Under the liquidation loss rules, a Dutch taxpayer can – under certain conditions – deduct losses resulting from ceasing foreign businesses or liquidating subsidiaries. To the extent these losses exceed €5 million, these will be restricted to subsidiaries or permanent establishments in a European Union (EU)/European Economic Area (EEA) country and only if the interest in the subsidiary/permanent establishment is more than 50% instead of at least 5%.

Tax agenda of future tax measures

The proposals include a tax agenda for certain future tax measures by the Dutch government for which no proposed legislation is available. The measures include:

  • Limitation on downward transfer pricing adjustments to the extent no corresponding upward adjustment is made. Under the proposed measure, a transfer pricing adjustment that results in a reduction of Dutch taxable profit is only allowed to the extent the corresponding income is included in taxable income at the recipient level. The legislative proposal to implement this change is expected by spring of 2021.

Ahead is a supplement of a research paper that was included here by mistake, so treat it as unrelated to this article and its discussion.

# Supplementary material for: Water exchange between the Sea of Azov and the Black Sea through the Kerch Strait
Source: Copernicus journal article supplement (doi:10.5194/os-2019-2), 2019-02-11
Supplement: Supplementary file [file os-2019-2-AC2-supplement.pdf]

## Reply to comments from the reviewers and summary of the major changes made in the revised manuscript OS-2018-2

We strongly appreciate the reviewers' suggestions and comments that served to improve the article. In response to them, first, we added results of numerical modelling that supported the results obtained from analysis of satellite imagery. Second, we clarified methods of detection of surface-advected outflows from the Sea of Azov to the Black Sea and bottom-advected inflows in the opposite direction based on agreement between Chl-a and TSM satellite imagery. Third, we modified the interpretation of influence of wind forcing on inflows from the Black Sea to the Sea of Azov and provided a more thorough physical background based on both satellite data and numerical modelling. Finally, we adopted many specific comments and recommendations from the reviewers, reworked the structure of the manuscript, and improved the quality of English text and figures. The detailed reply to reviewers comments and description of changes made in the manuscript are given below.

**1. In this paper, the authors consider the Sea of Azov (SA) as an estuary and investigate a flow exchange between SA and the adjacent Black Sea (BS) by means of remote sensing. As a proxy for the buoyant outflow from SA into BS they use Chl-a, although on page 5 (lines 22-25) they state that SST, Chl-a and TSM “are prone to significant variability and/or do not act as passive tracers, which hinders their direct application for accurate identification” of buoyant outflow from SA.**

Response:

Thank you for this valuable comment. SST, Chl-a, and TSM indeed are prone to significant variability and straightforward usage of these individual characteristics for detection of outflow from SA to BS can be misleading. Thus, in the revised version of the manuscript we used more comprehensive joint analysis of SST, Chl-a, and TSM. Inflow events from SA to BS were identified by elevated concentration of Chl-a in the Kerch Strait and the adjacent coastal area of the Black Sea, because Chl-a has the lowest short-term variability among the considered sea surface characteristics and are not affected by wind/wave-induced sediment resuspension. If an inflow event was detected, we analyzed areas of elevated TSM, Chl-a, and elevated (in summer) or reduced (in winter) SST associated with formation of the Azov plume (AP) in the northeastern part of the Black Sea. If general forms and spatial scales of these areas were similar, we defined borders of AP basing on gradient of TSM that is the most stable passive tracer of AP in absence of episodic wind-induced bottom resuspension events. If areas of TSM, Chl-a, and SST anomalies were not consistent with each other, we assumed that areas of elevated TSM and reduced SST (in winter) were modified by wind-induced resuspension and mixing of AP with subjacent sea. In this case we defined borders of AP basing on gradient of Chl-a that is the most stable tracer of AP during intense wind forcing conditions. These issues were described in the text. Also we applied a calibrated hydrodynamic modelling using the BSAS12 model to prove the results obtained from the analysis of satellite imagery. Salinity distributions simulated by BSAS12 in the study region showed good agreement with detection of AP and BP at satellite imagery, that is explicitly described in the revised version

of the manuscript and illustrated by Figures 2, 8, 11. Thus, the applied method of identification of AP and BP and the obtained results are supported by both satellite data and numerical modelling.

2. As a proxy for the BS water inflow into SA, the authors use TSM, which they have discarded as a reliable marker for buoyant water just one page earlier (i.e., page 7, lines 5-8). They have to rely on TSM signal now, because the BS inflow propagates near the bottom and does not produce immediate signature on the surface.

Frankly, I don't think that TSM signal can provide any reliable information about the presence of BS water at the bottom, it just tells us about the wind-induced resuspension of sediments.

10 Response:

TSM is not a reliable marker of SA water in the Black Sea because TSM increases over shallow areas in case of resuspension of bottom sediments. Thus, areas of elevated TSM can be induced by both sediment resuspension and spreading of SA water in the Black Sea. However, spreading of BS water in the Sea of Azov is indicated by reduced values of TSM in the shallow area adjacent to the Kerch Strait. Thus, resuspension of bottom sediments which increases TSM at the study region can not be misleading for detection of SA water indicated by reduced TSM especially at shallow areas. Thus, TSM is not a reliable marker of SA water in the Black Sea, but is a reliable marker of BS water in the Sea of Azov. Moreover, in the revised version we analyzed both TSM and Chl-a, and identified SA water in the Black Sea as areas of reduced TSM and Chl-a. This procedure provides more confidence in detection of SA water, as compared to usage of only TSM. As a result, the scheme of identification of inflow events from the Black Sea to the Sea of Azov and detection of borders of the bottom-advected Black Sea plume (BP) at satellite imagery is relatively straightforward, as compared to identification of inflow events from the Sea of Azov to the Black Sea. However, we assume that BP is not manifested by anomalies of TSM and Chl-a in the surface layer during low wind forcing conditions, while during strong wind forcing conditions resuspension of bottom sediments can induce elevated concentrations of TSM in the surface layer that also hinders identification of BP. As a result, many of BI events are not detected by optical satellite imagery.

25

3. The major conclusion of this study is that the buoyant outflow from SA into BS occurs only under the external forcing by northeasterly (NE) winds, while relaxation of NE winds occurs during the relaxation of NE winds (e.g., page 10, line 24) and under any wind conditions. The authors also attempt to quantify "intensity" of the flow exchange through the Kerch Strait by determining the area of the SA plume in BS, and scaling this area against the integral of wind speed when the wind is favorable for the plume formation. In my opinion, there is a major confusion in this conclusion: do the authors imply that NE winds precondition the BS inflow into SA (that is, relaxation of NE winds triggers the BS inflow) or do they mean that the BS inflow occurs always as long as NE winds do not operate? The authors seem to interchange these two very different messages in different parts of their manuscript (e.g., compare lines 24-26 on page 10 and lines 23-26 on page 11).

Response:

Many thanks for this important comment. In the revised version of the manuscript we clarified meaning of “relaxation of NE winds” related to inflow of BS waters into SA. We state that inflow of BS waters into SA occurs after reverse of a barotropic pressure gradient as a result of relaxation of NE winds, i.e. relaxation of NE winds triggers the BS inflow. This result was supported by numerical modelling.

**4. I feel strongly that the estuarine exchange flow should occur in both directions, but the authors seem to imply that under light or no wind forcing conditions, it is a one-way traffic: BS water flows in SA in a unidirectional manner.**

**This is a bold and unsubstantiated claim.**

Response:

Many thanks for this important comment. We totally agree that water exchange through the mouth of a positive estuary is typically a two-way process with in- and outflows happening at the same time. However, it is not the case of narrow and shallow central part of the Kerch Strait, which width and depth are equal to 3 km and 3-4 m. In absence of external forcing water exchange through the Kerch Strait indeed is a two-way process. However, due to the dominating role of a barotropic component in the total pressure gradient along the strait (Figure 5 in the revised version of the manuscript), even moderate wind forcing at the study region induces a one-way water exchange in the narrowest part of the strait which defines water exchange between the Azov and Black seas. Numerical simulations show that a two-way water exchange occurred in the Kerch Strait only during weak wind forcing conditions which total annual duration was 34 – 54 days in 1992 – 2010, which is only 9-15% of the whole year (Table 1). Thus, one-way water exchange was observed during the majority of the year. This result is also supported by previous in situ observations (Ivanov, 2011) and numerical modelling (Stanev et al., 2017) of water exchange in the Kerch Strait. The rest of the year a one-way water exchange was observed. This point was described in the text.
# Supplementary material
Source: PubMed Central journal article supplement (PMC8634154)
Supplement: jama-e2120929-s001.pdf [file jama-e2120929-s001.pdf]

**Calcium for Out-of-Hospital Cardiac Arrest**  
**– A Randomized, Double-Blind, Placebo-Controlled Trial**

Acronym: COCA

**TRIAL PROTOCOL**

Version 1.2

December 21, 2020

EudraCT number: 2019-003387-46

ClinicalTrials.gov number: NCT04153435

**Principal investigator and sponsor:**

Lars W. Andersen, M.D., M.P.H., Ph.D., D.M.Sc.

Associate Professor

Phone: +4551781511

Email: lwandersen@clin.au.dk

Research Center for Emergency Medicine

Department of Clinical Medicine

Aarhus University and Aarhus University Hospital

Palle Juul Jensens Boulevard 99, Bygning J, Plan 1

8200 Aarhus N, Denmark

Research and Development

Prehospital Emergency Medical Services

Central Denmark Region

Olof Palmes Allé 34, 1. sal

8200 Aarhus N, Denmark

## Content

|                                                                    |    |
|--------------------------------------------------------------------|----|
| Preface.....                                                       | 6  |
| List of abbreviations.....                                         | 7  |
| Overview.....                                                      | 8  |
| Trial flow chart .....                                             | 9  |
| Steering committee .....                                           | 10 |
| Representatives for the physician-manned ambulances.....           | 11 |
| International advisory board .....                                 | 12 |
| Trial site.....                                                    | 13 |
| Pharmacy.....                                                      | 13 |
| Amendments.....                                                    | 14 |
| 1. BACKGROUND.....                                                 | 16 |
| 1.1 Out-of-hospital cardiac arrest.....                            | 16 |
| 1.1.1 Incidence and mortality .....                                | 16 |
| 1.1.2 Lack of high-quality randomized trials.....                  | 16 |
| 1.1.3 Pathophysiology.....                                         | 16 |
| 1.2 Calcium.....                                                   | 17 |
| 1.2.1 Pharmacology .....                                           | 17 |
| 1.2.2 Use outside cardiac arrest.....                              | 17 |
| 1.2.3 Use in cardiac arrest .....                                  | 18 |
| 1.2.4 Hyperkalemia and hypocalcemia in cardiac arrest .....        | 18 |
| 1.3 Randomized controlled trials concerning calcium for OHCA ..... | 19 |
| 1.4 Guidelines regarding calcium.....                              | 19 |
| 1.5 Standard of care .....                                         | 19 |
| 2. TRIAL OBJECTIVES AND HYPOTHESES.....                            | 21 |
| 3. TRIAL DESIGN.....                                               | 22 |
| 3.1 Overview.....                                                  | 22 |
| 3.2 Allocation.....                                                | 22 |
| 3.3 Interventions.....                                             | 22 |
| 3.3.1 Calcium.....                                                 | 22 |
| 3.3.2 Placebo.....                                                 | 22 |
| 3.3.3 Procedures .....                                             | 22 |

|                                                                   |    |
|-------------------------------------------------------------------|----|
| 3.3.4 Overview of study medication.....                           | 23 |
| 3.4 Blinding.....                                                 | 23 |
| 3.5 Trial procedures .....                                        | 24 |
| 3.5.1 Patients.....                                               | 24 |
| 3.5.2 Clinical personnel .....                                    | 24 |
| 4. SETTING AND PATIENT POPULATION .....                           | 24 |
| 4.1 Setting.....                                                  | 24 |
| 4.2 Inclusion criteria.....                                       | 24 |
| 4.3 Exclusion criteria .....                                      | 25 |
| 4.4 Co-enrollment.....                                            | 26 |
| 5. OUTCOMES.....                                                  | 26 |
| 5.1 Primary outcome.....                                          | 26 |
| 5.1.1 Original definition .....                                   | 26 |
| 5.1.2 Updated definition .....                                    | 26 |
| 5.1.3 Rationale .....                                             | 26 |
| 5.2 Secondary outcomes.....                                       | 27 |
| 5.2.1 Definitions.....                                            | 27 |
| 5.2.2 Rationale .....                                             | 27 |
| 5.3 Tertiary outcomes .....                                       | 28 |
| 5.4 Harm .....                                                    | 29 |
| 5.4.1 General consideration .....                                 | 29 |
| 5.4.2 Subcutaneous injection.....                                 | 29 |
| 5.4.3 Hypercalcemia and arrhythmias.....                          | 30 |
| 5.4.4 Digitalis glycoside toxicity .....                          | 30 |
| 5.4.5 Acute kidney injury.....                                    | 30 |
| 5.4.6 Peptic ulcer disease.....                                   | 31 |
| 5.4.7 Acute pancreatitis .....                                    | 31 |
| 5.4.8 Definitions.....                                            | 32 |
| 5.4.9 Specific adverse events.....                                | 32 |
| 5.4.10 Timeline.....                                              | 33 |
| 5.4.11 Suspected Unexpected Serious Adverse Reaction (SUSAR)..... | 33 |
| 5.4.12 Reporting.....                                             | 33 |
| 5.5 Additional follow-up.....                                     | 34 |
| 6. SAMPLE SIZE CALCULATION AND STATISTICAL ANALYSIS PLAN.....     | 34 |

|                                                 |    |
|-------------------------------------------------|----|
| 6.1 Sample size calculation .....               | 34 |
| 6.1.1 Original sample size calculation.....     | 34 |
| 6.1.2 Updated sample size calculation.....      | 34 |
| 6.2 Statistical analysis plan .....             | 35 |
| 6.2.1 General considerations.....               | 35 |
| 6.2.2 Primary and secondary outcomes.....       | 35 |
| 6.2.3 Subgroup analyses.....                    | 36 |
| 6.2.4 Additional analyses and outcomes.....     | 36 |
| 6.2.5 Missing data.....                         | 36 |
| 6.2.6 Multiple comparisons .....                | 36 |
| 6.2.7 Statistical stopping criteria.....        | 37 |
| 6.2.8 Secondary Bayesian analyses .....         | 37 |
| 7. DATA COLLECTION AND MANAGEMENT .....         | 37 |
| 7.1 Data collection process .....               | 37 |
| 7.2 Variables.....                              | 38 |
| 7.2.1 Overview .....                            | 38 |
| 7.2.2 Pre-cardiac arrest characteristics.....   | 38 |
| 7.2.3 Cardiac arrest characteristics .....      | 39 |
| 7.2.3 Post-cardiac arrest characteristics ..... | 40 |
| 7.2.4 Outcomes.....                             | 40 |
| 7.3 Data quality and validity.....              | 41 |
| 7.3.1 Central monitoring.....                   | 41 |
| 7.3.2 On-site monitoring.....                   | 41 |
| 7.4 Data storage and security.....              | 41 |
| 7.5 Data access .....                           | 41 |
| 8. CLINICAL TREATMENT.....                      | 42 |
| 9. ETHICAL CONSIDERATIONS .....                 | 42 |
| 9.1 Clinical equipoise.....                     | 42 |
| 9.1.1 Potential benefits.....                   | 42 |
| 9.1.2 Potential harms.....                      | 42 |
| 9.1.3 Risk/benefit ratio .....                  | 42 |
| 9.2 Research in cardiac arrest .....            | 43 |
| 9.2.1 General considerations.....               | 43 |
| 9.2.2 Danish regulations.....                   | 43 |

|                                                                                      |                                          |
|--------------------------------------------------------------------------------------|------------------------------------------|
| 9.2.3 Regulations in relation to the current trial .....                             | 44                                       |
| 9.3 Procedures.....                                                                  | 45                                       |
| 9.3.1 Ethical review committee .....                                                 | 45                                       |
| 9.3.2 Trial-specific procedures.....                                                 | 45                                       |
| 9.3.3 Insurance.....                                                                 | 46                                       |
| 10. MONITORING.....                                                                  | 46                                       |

• Research into a more equal taxation of equity and debt. The Dutch government is currently conducting research to introduce a taxable deduction on equity (NID), combined with a further limitation on the deduction of interest through an amendment of the existing earnings-stripping rule.
  • Amendment of the credit for certain withholding taxes against Dutch CIT for certain investors. The Dutch government intends to introduce legislation that limits the availability for a refund of dividend withholding tax (and gambling) tax for Dutch corporate taxpayers, pursuant to the Sofina court case of the European Court of Justice (C-575/17). While such legislation is pending, the Dutch government aims to issue a Decree that will, under conditions, allow foreign taxpayers to obtain a refund of these withholding taxes. The decree is expected shortly.